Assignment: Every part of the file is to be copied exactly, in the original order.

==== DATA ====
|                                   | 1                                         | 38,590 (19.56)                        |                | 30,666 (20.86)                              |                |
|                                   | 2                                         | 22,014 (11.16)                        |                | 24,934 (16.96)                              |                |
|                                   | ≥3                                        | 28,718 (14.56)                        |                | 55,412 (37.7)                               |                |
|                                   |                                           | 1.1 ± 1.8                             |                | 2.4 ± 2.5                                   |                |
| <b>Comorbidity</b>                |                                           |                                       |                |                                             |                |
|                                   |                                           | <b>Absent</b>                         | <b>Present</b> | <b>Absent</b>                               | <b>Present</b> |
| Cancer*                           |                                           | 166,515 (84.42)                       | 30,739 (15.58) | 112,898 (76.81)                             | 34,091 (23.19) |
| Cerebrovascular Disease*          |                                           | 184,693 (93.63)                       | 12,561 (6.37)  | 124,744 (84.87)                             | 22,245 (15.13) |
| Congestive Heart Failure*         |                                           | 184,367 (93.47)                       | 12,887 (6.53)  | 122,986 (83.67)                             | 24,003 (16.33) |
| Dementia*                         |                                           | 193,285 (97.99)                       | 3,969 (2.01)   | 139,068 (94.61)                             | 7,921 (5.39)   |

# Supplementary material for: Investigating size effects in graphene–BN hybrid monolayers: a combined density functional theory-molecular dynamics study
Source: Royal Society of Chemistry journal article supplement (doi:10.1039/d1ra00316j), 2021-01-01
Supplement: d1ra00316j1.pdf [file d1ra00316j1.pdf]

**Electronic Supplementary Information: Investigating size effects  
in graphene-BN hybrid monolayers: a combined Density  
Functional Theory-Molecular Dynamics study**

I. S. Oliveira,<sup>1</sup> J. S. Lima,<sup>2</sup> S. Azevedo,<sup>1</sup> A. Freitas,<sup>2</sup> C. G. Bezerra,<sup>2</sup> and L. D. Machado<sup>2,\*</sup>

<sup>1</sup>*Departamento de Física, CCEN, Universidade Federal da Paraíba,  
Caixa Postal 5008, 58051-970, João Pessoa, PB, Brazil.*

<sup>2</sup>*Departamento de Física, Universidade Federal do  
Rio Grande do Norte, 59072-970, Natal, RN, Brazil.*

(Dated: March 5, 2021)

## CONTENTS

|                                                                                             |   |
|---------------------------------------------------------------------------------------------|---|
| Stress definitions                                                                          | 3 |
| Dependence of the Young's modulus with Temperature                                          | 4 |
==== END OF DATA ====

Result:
|                                   | 1                                         | 38,590 (19.56)                        |                | 30,666 (20.86)                              |                |
|                                   | 2                                         | 22,014 (11.16)                        |                | 24,934 (16.96)                              |                |
|                                   | ≥3                                        | 28,718 (14.56)                        |                | 55,412 (37.7)                               |                |
|                                   |                                           | 1.1 ± 1.8                             |                | 2.4 ± 2.5                                   |                |
| <b>Comorbidity</b>                |                                           |                                       |                |                                             |                |
|                                   |                                           | <b>Absent</b>                         | <b>Present</b> | <b>Absent</b>                               | <b>Present</b> |
| Cancer*                           |                                           | 166,515 (84.42)                       | 30,739 (15.58) | 112,898 (76.81)                             | 34,091 (23.19) |
| Cerebrovascular Disease*          |                                           | 184,693 (93.63)                       | 12,561 (6.37)  | 124,744 (84.87)                             | 22,245 (15.13) |
| Congestive Heart Failure*         |                                           | 184,367 (93.47)                       | 12,887 (6.53)  | 122,986 (83.67)                             | 24,003 (16.33) |
| Dementia*                         |                                           | 193,285 (97.99)                       | 3,969 (2.01)   | 139,068 (94.61)                             | 7,921 (5.39)   |

# Supplementary material for: Investigating size effects in graphene–BN hybrid monolayers: a combined density functional theory-molecular dynamics study
Source: Royal Society of Chemistry journal article supplement (doi:10.1039/d1ra00316j), 2021-01-01
Supplement: d1ra00316j1.pdf [file d1ra00316j1.pdf]

**Electronic Supplementary Information: Investigating size effects  
in graphene-BN hybrid monolayers: a combined Density  
Functional Theory-Molecular Dynamics study**

I. S. Oliveira,<sup>1</sup> J. S. Lima,<sup>2</sup> S. Azevedo,<sup>1</sup> A. Freitas,<sup>2</sup> C. G. Bezerra,<sup>2</sup> and L. D. Machado<sup>2,\*</sup>

<sup>1</sup>*Departamento de Física, CCEN, Universidade Federal da Paraíba,  
Caixa Postal 5008, 58051-970, João Pessoa, PB, Brazil.*

<sup>2</sup>*Departamento de Física, Universidade Federal do  
Rio Grande do Norte, 59072-970, Natal, RN, Brazil.*

(Dated: March 5, 2021)

## CONTENTS

|                                                                                             |   |
|---------------------------------------------------------------------------------------------|---|
| Stress definitions                                                                          | 3 |
| Dependence of the Young's modulus with Temperature                                          | 4 |